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What is "refactoring"?

Who should read this page?

Refactoring, Design Patterns, Tests and Clean Code

So something is missing

What I offer

Why I think your company should hire me

What is "refactoring"?

We "refactor" when we change the source code of a program without changing its functionality. So the user doesn't see any changes.

Here's a metaphor to explain to a non-programmer what refactoring is:

Imagine you are organising a dinner-party. You have to complete a number of steps.

You could describe them like this: Or like this:
metaphor2 metaphor1

Both workflow diagrams contain exactly the same information. But I know which I would prefer to use.

It's an interesting phenomenon that a lot of source code develops to look like the diagram on the left. Various terms are used to describe this:

Refactoring helps you to restructure your code so that it looks more like the right-hand diagram. Thus allowing you to work with the code MUCH more effectively:

Who should read this page

This website is aimed at programmers of object-oriented languages such as Java, C# and C++ who are interested in improving their

Refactoring, Design Patterns, Tests and Clean Code

There are a small number of books about refactoring, most notably Martin Fowler's excellent work "Refactoring - Improving the Design of Existing Code".

My name is John Boyd-Rainey, and I would like to tell you about my experience running seminars on refactoring and Design Patterns.

Firstly, I'm always pleased when individual programmers, but more particularly when project groups or even whole companies want to learn about these topics. I see them as being essential to professional programming.

Unit Tests, Design Patterns, Refactoring

Over the last few years I have trained hundreds of programmers in Refactoring, Design Patterns and Testing. And I have found that these topics are fundamentally dependent upon each other.

So all three subjects go hand in hand. And to master one you have to master them all.

Unit Tests, Design Patterns, Refactoring, Design Principles

Design Principles are the basis for good object oriented design. I can often use these principles to create a better design long before I see which Pattern will emerge.

Some examples are:

  • program to an interface
  • separate variable parts of your code from the constant parts
  • prefer composition to inheritance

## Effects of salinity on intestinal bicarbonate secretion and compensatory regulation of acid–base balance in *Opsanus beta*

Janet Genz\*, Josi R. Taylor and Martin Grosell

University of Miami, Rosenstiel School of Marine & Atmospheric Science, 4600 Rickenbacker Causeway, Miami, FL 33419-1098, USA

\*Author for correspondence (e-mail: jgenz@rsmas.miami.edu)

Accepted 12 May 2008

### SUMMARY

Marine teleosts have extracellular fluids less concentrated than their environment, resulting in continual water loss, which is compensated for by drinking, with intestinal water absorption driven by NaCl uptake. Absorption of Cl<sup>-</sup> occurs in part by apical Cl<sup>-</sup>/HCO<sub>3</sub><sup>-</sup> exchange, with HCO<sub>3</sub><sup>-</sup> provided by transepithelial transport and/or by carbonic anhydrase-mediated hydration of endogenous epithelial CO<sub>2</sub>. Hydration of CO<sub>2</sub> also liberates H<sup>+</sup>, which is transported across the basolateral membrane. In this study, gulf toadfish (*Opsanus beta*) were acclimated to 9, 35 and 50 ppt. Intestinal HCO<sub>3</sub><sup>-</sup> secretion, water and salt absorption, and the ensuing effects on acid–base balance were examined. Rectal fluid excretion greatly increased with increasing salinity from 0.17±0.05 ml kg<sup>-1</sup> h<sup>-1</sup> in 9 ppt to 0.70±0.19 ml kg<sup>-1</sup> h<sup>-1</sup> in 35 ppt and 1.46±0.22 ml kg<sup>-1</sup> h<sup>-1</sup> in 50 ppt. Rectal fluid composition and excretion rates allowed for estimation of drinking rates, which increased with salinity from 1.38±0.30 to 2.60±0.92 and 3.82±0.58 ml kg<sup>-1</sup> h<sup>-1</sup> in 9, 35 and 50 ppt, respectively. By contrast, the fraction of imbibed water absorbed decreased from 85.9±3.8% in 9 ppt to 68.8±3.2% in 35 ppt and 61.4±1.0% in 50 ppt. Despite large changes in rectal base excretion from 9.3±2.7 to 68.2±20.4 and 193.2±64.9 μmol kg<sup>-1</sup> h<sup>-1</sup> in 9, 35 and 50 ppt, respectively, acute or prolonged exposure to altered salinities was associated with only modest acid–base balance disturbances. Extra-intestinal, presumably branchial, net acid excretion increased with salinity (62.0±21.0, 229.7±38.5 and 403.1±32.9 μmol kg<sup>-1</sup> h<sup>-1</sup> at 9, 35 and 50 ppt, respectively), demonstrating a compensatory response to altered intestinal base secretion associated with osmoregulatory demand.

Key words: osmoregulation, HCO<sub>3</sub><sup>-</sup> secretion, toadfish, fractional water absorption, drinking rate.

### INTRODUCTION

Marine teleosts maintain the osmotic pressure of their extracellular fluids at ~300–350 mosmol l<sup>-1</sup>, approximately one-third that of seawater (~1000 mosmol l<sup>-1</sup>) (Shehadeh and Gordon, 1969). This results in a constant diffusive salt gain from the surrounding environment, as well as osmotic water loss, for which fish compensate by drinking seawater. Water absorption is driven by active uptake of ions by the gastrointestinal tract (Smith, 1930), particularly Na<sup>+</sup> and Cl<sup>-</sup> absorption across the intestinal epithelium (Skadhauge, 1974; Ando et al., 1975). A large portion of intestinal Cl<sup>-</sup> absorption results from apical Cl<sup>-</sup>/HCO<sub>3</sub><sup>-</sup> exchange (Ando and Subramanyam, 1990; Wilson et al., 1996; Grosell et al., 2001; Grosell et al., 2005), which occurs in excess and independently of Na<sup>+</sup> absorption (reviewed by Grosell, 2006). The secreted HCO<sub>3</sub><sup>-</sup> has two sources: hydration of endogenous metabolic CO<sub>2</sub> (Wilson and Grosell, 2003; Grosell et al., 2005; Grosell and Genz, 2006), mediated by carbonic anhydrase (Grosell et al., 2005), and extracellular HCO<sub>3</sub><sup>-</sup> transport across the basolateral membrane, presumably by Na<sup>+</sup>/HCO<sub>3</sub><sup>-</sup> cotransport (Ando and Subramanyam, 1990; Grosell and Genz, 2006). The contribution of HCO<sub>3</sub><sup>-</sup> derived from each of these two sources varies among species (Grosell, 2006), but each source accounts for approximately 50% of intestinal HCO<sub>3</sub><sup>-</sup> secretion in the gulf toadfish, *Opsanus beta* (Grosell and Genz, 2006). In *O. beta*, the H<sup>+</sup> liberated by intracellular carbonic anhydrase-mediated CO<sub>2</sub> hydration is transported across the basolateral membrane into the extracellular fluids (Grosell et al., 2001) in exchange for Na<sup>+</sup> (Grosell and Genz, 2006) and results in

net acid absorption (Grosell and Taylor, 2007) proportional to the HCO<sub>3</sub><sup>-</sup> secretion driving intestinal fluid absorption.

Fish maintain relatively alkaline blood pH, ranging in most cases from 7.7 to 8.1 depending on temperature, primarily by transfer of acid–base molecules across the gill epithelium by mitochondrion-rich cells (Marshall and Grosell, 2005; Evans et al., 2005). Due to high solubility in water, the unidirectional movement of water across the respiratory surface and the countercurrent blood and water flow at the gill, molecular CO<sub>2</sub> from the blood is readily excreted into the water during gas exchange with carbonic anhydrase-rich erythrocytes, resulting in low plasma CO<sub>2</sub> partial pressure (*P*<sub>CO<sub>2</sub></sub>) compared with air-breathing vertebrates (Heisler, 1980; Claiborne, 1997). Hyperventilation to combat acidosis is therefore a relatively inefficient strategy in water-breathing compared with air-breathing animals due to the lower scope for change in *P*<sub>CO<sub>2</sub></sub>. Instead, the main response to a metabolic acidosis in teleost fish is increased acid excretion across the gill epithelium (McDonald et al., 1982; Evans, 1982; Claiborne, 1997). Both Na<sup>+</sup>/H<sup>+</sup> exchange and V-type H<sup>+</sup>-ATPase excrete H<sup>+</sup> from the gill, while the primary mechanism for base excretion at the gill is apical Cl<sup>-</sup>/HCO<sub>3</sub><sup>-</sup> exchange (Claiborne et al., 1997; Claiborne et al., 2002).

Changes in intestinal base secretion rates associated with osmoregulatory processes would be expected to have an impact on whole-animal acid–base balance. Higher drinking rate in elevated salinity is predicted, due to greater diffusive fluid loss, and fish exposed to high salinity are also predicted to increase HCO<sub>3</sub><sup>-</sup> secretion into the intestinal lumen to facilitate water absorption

• tell, don't ask.

Another closely related topic on the way to professional programming is Clean Code, as described by Robert C. Martin in his book of that name.

Unit Tests, Design Patterns, Refactoring, Clean Code

So something is missing

Our programming is 3-dimensional. First we learn all about control structures like if, loops, classes, comments etc.

Then we learn various add-on technologies for writing web applications, GUIs, database access and so forth.

But we also need to improve our skills in actually WRITING THE CODE that drives the web-app, GUI or whatever.

What is often missing

Most projects use class libraries, frameworks and other APIs. These in turn all use Design Patterns. It is a good idea to "go with the flow" when using such components. I.e. we should adopt the assumptions, structure and general design of those components. And that means we have to understand the Patterns they use.

And we get to such code by refactoring our existing code. Or by changing the way we code in the first place.

The more we practise refactoring code, the better we become at writing good code "the first time around"... because we learn to predict what problems certain designs will develop later on, so we learn to avoid mistakes.

What I offer

Why I think your company should hire me

Most programmers have never been told how to program well. Many went on courses lasting a few days and are expected to be consummate professionals.

We wouldn't expect an accountant to magically learn everything she needs to know in such a short time, and we shouldn't require that from our programmers.

I teach your coders how to work better, to produce programs which are better designed and which above all are more easily maintained, thereby facilitating bug-fixes, the addition of new functions and redesigns which invariably become necessary.

You have probably spent a lot of time and money learning new technologies such as Struts, Faces, Spring, XML, WPF, WCF etc., but your use of each of these technologies is only as good as the code which drives them. And that training is often sorely lacking.

That is what I deliver.

John Boyd-Rainey

Born in 1958 in northern England, I have lived in Germany since 1980 working in the computer industry mostly as a consultant and since 2003 as a trainer and coach.

I have programmed in various fields such as insurance, accounting and banking using Pascal, C, C++ and Java.

The subjects I regularly train include:

I work in English and German.

Contact me in Bonn, Germany on +49 228 963 99011 or under

info (at)

Prices on request.

Read more about my other professional activities and history on

I've posted a "map" of Martin Fowler's Refactorings on my i2Brain website.


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